Several shareholders complained that CA showed a lack of sensitivity by moving the meeting to Manhattan from Long Island, where the company is based, and not providing food. The first shareholder who mentioned it drew laughter. As more people joined in, and some contrasted it with executive amenities, the tone grew angry.
Company leaders were already apologetic about employees' morale, management turnover and a securities fraud scandal. Then, they had to defend their annual meeting.
CA leaders said they decided to move the shareholders' event because only a small percentage of the international company's employees, investors and clients are from Long Island. They said Manhattan is more accessible in general. They said they did not believe people would expect breakfast during a 10 a.m. meeting, and they promised to provide food in the future.
One man, identifying himself only as a 90-year-old shareholder, drew applause when complaining that he received little, while executives have been treated generously.
"It took me over an hour to get here," he said. "In the past century, I've seen a lot, but the executive salaries and bonuses I've seen, with those people coming and leaving Computer Associates, it's absolutely mind-boggling. I get dividends of six cents a quarter. I can't even buy a third of a postage stamp with that. All you people sitting up there got dinner before this and get dinner after. I'm hungry, and I didn't get anything, and I demand food."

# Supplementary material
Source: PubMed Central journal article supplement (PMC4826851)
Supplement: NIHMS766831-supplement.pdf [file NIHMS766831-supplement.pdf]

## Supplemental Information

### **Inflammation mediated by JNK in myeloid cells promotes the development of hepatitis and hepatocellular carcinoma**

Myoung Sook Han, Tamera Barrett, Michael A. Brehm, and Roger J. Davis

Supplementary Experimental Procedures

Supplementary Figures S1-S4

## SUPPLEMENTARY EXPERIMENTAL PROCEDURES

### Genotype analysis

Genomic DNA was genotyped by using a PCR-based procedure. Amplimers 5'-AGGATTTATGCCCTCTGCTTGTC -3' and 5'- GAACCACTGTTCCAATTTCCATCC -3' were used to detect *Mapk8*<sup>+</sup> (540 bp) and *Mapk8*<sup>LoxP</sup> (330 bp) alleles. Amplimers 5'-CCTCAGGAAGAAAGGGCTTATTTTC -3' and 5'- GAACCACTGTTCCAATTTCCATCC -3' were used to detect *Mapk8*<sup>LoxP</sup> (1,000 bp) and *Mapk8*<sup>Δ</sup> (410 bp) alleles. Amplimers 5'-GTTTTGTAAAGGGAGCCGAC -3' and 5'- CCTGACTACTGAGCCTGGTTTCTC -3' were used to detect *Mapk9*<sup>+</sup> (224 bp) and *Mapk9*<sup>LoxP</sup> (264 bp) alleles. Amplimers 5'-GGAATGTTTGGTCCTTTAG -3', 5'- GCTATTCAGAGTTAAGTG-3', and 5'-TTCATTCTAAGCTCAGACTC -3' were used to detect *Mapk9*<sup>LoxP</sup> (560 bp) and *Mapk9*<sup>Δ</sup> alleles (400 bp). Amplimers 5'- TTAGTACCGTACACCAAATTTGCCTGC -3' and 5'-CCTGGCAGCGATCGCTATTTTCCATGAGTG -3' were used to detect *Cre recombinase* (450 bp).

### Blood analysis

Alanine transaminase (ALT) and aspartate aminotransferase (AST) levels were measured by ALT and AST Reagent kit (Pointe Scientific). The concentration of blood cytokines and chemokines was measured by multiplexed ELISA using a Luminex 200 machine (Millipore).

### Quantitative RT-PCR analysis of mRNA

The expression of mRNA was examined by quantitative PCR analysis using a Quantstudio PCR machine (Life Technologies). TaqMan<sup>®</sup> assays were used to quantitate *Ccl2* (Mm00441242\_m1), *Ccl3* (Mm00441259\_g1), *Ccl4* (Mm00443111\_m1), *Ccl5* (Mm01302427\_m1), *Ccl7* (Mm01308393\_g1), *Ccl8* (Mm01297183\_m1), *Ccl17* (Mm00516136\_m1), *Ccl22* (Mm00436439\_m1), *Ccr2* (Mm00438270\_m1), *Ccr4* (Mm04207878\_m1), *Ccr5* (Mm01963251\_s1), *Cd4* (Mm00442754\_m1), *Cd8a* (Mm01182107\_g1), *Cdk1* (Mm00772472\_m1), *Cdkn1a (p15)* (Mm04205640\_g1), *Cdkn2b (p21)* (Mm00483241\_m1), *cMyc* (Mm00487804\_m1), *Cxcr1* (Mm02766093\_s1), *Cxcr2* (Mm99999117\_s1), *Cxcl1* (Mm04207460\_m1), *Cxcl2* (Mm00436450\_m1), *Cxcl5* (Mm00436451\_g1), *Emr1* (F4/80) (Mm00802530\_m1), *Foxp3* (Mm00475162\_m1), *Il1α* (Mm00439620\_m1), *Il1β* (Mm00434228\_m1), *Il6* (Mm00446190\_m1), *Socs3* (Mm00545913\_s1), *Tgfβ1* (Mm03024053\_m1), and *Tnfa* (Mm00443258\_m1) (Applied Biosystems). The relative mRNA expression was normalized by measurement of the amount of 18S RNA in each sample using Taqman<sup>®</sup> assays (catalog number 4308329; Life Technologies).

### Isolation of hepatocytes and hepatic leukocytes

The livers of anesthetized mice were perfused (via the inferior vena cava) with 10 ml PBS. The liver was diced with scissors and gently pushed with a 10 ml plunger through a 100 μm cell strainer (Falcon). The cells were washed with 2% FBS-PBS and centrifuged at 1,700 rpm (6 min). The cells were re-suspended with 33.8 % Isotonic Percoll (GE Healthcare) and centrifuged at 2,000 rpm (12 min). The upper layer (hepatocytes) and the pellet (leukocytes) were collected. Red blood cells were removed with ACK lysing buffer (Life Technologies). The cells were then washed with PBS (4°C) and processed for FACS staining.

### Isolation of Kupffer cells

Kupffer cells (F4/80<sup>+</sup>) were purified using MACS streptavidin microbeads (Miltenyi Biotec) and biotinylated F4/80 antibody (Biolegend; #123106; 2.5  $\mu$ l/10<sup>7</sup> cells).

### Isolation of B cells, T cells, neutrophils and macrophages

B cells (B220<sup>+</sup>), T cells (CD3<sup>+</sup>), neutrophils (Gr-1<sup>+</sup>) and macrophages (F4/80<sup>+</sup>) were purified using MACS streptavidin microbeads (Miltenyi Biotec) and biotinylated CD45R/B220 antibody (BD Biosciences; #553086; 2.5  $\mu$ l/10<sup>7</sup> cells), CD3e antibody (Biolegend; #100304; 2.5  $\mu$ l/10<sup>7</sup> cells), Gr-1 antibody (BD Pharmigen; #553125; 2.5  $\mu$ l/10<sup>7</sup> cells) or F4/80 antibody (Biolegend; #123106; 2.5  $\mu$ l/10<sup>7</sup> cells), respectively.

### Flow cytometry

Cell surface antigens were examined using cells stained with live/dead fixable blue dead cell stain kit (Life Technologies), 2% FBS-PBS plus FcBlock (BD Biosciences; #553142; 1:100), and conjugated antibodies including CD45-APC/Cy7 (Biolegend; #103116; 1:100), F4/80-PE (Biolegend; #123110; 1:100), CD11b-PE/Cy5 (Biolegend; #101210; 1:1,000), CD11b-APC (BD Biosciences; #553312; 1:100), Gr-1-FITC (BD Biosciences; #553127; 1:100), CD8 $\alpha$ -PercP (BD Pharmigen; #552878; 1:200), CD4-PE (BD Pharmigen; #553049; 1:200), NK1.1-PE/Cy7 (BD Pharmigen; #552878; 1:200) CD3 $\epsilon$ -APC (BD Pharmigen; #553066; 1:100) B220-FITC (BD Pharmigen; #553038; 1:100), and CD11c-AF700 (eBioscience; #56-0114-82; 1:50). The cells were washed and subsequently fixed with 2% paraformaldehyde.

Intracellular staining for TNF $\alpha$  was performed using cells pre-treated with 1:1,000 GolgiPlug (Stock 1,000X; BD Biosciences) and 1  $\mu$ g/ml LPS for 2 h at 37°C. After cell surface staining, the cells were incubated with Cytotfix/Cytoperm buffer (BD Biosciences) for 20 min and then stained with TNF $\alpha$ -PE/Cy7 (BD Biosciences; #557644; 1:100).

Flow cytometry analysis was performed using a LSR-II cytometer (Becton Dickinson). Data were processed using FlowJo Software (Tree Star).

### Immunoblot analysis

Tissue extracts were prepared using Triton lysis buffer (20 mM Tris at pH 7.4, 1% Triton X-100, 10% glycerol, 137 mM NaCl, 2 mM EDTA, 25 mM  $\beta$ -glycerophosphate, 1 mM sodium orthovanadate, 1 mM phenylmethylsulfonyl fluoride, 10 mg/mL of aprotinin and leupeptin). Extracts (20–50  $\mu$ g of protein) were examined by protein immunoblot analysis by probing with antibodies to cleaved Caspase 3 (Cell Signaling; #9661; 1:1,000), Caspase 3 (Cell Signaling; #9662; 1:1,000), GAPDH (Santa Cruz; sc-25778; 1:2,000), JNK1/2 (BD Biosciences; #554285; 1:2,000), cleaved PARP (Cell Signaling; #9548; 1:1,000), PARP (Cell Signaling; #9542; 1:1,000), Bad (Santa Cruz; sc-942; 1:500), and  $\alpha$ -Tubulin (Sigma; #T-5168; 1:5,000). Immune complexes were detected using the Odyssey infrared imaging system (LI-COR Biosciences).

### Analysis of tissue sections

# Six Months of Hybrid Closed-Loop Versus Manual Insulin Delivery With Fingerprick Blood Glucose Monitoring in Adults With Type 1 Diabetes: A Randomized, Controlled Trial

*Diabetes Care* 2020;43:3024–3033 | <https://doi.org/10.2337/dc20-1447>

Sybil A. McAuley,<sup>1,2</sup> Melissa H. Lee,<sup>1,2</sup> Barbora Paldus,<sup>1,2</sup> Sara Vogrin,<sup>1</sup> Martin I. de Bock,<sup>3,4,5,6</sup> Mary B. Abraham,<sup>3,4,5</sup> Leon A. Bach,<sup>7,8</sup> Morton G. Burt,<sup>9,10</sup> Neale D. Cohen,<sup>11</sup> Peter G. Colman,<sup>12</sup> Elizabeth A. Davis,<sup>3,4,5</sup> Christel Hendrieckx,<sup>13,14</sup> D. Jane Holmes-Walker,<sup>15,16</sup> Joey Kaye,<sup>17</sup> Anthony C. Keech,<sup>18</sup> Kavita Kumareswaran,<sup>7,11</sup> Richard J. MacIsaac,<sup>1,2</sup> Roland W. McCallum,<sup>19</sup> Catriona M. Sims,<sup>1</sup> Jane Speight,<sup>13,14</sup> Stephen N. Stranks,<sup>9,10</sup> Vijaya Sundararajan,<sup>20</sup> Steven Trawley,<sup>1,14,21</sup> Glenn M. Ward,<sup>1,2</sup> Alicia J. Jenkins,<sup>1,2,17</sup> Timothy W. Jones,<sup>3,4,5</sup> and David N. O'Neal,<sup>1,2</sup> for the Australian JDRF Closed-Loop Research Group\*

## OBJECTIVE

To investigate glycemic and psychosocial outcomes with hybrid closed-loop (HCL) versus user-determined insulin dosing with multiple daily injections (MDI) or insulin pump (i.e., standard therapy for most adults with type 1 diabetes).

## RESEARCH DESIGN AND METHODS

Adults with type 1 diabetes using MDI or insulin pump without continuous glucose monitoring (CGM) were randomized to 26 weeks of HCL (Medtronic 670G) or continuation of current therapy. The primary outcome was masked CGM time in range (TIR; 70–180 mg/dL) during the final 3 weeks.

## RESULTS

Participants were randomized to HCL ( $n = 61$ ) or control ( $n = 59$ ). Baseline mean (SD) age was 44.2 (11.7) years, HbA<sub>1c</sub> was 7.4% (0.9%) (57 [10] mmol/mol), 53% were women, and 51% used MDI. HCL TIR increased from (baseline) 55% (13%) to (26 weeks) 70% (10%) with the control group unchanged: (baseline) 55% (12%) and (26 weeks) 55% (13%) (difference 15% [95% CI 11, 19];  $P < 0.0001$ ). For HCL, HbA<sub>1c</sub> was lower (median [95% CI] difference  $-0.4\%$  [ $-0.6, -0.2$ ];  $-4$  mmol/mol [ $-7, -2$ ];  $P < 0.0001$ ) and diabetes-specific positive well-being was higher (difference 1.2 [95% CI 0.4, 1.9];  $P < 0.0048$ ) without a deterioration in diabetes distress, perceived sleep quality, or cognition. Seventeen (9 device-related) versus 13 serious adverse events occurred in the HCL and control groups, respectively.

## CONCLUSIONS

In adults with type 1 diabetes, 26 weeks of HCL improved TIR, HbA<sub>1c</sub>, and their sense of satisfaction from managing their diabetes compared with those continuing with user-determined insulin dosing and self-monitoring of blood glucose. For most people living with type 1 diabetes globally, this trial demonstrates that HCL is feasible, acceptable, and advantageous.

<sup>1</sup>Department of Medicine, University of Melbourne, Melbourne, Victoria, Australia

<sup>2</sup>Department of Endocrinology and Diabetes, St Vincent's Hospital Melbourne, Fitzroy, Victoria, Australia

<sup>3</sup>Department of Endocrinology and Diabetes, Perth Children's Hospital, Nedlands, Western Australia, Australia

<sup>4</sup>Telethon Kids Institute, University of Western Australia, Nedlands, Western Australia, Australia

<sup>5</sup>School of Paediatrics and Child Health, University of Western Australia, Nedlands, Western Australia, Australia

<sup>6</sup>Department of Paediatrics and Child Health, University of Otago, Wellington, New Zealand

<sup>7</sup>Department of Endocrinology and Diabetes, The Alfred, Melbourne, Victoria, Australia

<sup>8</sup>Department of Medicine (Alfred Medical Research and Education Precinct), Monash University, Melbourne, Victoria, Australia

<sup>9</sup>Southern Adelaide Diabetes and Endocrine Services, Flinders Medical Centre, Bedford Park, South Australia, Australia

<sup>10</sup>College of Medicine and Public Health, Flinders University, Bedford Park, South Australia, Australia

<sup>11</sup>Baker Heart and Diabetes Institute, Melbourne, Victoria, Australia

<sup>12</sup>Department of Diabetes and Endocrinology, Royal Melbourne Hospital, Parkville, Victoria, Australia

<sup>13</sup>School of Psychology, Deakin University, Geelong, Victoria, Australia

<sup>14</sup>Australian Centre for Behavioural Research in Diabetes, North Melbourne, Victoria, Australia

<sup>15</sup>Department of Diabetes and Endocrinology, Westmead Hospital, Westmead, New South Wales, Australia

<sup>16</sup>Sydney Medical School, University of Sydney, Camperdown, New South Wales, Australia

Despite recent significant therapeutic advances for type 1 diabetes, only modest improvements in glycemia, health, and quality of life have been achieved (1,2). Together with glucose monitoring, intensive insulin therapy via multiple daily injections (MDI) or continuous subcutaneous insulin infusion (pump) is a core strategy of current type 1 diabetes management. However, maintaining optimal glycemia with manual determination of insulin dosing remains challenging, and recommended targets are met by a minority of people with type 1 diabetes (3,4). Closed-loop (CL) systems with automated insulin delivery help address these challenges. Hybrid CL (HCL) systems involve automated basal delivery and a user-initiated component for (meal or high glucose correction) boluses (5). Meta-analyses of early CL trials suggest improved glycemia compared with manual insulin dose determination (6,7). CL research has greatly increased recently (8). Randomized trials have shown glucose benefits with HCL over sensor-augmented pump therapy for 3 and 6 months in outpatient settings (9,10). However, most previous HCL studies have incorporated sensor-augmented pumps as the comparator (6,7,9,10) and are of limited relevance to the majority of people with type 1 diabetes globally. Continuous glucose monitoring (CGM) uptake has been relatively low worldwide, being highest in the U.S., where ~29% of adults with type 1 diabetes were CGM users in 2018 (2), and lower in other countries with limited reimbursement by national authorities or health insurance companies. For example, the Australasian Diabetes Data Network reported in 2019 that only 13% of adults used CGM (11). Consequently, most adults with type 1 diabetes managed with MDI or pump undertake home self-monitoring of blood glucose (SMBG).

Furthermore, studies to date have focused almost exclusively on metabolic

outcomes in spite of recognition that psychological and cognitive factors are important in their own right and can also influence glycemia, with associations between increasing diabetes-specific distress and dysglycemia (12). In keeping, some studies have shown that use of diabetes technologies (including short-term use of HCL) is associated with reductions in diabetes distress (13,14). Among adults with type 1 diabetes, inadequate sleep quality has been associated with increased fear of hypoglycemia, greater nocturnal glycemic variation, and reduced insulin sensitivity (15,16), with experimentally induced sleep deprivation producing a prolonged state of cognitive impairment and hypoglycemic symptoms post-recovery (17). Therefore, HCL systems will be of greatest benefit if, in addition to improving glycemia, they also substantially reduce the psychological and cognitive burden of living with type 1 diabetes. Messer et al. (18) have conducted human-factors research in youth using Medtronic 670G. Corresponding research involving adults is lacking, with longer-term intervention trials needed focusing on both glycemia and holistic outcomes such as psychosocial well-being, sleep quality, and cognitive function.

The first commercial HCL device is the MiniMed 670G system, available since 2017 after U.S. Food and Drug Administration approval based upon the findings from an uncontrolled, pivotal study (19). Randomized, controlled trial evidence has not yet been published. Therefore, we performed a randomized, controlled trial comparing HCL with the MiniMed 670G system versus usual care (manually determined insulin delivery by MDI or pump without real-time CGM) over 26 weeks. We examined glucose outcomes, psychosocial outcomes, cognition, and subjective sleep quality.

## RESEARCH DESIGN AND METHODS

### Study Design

Gary J. Fernades, on the board of directors, said that the company has to pay salaries and bonuses that are competitive compared to what other companies pay.
Some shareholders weren't swayed.
Arlene Woods said she bought stock in CA because she wanted to support a local business. She said Long Island meetings have standing-room only, but the gathering in Manhattan was small.
"I think you did a wonderful job of crowd control by moving the meeting here," said Woods said. "I paid in excess of $30 to get here. I don't think that's fair to your shareholders."
Shareholders also complained about executives' personal use of corporate aircraft. The company said in a Securities and Exchange Commission filing that the practice reduced the amount of time executives spent traveling on personal business and increased the amount of time they were available for professional obligations.
"Most are working if not 24 hours a day, certainly a lot of ours in the day, a lot of days in the week," Fernandes told shareholders.
One person asked where she could find the "signup list" for aircraft use.
Shareholders questioned bonuses given last year to Executive Vice President of Partner Advocacy Gary Quinn and Executive Vice President of Worldwide Sales Greg Corgan. Quinn's salary was reported at $450,000 in CA's Schedule 14-A filing with the SEC. His bonus was over $1 million. Corgan's salary was reported at nearly $396,000 while his bonus was more than $860,000.
Company leaders told shareholders the bonuses are performance based, and shareholders voted in favor of incentives and severance packages. They also voted to renew the one-year terms of all 11 members of the board.
CA said in a release Thursday that nearly 89 percent of outstanding shares were represented in person or by proxy. A spokesperson said CA had no comment on the conflict at the meeting.